It's not the donor of the 'bubbly' that I was referring to but rather the consumer of the 'bubbly'!! (I suspect that the donor was anything but socialist, but he knew where the socialists' weak points were...!)
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Old 8th Jun 2015, 07:54
  #5558 (permalink)  
 
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If a CPO was applied for by the council the farmer would, almost certainly, object in which case it goes to an independent inspector. The council have to show a compelling case to purchase the land, they cannot just will nilly decide that they want to buy it and then force a CPO through.

The council would justify their CPO on what grounds? That they want to resell the land for housing? If so then the farmer would apply for planning permission himself as it is admiited by the council that planning consent would be given (otherwise why the CPO??). If they reject the farmers application but then grant it to themsleves the farmer would then have land WITH planning permission that he can sell at full market value without reference to the council.
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Old 8th Jun 2015, 08:24
  #5559 (permalink)  
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New Towns Act 2015?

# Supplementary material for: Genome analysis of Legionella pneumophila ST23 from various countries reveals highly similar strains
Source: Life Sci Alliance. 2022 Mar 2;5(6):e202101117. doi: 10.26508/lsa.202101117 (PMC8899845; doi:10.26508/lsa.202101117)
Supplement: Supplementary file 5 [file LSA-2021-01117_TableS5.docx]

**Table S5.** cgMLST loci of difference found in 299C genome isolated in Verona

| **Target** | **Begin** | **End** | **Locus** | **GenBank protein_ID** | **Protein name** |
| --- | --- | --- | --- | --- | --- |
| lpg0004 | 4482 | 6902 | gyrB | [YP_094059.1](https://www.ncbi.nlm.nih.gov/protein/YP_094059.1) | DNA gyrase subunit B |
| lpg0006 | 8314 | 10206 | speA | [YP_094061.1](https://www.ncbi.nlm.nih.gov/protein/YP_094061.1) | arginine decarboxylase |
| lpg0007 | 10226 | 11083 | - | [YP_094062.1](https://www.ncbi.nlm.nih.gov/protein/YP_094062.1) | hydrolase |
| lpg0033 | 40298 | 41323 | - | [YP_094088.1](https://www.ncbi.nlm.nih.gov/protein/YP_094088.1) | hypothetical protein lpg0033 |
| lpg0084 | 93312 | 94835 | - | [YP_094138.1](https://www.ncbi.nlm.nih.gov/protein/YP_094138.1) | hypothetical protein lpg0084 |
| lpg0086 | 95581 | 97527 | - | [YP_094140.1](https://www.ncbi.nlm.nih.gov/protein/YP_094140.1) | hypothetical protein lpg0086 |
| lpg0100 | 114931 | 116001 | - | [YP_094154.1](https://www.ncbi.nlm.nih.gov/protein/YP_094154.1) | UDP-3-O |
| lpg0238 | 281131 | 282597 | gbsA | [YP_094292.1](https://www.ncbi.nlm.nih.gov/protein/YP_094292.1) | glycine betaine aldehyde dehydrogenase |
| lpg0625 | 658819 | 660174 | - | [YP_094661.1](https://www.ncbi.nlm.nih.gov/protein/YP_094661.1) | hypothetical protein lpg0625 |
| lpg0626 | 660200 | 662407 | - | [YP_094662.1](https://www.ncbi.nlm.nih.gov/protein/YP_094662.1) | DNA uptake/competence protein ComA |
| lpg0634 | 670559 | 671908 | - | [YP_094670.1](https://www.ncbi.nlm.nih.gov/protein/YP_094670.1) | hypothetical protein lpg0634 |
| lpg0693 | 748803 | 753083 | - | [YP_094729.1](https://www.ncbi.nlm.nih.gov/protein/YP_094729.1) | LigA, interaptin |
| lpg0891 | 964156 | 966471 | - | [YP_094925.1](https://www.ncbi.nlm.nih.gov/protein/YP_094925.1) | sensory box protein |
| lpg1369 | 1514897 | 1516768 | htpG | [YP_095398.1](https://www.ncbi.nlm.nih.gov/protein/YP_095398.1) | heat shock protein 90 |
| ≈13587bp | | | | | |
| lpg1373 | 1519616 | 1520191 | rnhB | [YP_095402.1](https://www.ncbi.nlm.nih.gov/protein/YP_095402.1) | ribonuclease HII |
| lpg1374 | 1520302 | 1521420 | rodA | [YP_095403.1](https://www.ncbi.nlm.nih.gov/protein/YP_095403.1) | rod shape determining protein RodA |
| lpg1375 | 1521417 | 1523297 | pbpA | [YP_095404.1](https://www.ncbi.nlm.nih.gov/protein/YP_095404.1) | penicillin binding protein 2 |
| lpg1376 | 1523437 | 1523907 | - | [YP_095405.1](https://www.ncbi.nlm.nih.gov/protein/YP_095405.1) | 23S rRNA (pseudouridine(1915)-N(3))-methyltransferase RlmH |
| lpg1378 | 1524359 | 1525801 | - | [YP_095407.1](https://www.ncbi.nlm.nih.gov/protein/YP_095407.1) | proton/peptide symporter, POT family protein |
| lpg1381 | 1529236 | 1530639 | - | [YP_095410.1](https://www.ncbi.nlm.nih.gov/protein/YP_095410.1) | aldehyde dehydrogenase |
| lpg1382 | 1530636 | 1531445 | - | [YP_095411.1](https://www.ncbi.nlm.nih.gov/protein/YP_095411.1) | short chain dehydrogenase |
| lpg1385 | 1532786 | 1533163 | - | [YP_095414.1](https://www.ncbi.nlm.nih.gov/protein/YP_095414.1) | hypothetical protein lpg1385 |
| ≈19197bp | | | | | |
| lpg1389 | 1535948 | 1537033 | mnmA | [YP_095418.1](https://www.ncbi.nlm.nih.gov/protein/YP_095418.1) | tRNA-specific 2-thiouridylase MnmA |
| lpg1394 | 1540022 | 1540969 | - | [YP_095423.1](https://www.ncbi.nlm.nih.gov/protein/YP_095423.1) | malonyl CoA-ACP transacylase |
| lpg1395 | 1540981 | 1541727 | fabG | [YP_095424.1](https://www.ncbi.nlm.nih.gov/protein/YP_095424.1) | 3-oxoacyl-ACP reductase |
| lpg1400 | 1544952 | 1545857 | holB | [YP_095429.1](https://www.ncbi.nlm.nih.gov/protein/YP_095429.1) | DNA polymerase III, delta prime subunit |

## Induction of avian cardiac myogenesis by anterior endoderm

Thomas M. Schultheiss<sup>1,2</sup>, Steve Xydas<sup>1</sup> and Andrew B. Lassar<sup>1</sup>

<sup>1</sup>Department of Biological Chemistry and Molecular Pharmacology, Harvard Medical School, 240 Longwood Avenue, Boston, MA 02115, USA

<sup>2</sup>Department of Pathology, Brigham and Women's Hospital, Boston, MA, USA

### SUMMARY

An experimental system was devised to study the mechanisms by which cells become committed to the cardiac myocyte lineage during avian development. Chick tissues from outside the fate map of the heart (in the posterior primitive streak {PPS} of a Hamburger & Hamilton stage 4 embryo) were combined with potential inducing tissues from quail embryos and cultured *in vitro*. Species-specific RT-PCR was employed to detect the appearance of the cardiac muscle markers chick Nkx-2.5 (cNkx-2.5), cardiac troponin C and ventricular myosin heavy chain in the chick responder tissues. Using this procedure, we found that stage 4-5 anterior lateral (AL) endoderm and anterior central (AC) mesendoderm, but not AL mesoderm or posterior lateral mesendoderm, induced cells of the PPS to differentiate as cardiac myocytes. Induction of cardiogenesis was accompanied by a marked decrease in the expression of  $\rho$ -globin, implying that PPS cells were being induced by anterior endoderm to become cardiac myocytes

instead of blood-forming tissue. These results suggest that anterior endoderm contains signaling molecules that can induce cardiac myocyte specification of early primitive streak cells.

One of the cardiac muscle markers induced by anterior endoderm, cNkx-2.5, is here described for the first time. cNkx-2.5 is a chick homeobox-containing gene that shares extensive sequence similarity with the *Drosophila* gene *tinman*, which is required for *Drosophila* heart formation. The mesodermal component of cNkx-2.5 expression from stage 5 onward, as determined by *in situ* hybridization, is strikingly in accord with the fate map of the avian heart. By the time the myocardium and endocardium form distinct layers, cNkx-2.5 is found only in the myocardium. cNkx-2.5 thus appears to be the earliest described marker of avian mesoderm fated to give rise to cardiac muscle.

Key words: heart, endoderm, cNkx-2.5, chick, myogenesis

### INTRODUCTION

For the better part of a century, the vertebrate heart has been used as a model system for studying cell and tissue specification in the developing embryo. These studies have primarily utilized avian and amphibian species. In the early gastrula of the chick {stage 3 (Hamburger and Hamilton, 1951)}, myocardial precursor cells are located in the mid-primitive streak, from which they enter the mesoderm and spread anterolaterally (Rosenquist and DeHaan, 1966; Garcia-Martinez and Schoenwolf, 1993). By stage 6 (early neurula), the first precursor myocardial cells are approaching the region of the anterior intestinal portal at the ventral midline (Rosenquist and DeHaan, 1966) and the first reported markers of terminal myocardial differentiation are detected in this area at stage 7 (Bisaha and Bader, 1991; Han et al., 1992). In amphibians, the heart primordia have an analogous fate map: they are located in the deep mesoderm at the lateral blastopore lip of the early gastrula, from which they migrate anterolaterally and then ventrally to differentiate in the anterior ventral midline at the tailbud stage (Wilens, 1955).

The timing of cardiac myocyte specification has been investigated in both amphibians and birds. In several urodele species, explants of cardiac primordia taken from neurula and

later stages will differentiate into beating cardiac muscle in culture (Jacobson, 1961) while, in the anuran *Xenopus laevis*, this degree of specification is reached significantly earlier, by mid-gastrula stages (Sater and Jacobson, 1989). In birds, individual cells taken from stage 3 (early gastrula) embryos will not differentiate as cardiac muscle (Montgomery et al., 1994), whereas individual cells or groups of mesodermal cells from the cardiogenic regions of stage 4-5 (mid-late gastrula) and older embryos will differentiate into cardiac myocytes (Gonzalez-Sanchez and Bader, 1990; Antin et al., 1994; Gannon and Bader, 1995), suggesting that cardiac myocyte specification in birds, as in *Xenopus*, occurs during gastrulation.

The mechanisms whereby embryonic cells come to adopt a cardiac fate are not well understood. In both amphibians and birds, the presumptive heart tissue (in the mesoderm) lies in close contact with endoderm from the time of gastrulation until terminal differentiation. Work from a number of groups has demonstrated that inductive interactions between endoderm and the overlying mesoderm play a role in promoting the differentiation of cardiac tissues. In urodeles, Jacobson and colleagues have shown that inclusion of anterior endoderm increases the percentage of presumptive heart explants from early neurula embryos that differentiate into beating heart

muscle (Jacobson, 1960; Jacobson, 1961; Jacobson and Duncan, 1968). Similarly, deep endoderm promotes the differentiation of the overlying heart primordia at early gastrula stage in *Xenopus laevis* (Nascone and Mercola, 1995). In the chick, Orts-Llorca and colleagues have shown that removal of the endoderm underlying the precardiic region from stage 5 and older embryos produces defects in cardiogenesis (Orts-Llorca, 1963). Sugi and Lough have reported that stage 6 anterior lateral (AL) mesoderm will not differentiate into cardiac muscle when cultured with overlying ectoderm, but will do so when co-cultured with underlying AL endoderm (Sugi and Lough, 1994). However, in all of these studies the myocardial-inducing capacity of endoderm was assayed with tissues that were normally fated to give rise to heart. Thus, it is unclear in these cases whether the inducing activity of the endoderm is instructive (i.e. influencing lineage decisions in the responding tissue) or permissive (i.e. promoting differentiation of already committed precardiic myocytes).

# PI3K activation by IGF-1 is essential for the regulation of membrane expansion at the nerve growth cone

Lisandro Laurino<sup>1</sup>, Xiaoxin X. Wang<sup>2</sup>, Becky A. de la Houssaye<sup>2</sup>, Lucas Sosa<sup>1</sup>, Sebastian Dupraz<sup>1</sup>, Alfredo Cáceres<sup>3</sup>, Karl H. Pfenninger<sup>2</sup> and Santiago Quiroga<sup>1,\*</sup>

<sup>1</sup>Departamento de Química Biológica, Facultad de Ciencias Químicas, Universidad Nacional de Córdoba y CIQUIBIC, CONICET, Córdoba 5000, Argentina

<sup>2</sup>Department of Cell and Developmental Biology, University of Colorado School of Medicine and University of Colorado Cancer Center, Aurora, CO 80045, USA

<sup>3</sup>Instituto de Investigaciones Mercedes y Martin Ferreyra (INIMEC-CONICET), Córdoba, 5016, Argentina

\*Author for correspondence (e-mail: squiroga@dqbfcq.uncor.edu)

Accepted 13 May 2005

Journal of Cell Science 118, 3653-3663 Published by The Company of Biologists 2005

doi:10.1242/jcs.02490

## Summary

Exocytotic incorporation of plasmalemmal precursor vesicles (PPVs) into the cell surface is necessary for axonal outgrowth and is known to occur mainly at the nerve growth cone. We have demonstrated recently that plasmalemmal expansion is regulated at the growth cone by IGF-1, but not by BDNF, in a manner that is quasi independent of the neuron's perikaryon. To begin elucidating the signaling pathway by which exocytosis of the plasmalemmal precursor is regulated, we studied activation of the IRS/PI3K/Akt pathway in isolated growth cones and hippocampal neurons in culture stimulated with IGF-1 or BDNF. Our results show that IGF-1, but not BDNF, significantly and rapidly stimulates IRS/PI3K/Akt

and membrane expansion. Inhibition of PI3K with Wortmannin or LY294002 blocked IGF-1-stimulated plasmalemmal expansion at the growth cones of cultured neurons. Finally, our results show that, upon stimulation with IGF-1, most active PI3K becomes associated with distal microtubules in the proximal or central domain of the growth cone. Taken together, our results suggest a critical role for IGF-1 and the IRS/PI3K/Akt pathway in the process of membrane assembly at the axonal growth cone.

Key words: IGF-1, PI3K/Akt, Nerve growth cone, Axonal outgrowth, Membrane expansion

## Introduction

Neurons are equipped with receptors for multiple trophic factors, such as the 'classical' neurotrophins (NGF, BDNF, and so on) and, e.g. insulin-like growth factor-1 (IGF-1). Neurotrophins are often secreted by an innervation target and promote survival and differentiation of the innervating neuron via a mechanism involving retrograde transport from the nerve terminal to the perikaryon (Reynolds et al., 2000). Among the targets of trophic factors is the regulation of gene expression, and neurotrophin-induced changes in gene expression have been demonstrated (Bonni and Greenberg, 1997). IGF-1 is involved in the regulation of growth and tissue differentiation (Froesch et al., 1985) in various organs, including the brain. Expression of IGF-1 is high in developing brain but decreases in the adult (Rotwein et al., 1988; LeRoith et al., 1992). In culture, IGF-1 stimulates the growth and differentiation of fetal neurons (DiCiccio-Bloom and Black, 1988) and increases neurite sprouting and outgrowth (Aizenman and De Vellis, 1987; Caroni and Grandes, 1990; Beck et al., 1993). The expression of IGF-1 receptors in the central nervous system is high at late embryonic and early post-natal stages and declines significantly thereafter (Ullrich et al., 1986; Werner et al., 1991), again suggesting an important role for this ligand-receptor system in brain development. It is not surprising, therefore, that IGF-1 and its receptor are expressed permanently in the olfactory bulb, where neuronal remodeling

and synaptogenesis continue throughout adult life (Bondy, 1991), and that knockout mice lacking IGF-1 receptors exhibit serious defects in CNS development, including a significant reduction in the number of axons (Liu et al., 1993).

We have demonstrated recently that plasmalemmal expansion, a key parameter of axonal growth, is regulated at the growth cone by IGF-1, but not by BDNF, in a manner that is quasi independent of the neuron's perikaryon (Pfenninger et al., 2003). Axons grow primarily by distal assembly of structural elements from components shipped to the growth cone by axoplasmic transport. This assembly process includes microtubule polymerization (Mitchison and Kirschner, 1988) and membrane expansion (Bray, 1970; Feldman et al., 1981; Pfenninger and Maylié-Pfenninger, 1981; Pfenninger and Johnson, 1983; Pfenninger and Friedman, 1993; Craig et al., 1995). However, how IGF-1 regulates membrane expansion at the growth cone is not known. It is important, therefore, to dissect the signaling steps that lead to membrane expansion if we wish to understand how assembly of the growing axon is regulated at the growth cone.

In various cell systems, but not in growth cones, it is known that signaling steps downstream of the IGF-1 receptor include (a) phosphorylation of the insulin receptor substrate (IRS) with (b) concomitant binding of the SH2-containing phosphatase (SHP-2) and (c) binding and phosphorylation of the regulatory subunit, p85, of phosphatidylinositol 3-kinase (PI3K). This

See clause 10, and especially clause 14, which deals with the issue of CPO compensation for new towns.
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Old 8th Jun 2015, 09:34
  #5560 (permalink)  
 
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My point wasn't in any way related to current law or planning policy. It was just an attempt to put forward a resolution to the current impasse on housing that is depriving more and more hard working people of a decent home due to the spiralling prices.

Evidently many though reserve their sympathy for the multi millionaire farm owners and want them to continue to amass wealth while housing still only goes to the fortunate half of the country. It is interesting to see that owner occupiers are for the first time ever declining % wise.

Trossie, I understood your point exactly. Champagne isn't my tipple though, I prefer a decent first growth Claret.

Last edited by Effluent Man; 8th Jun 2015 at 15:37.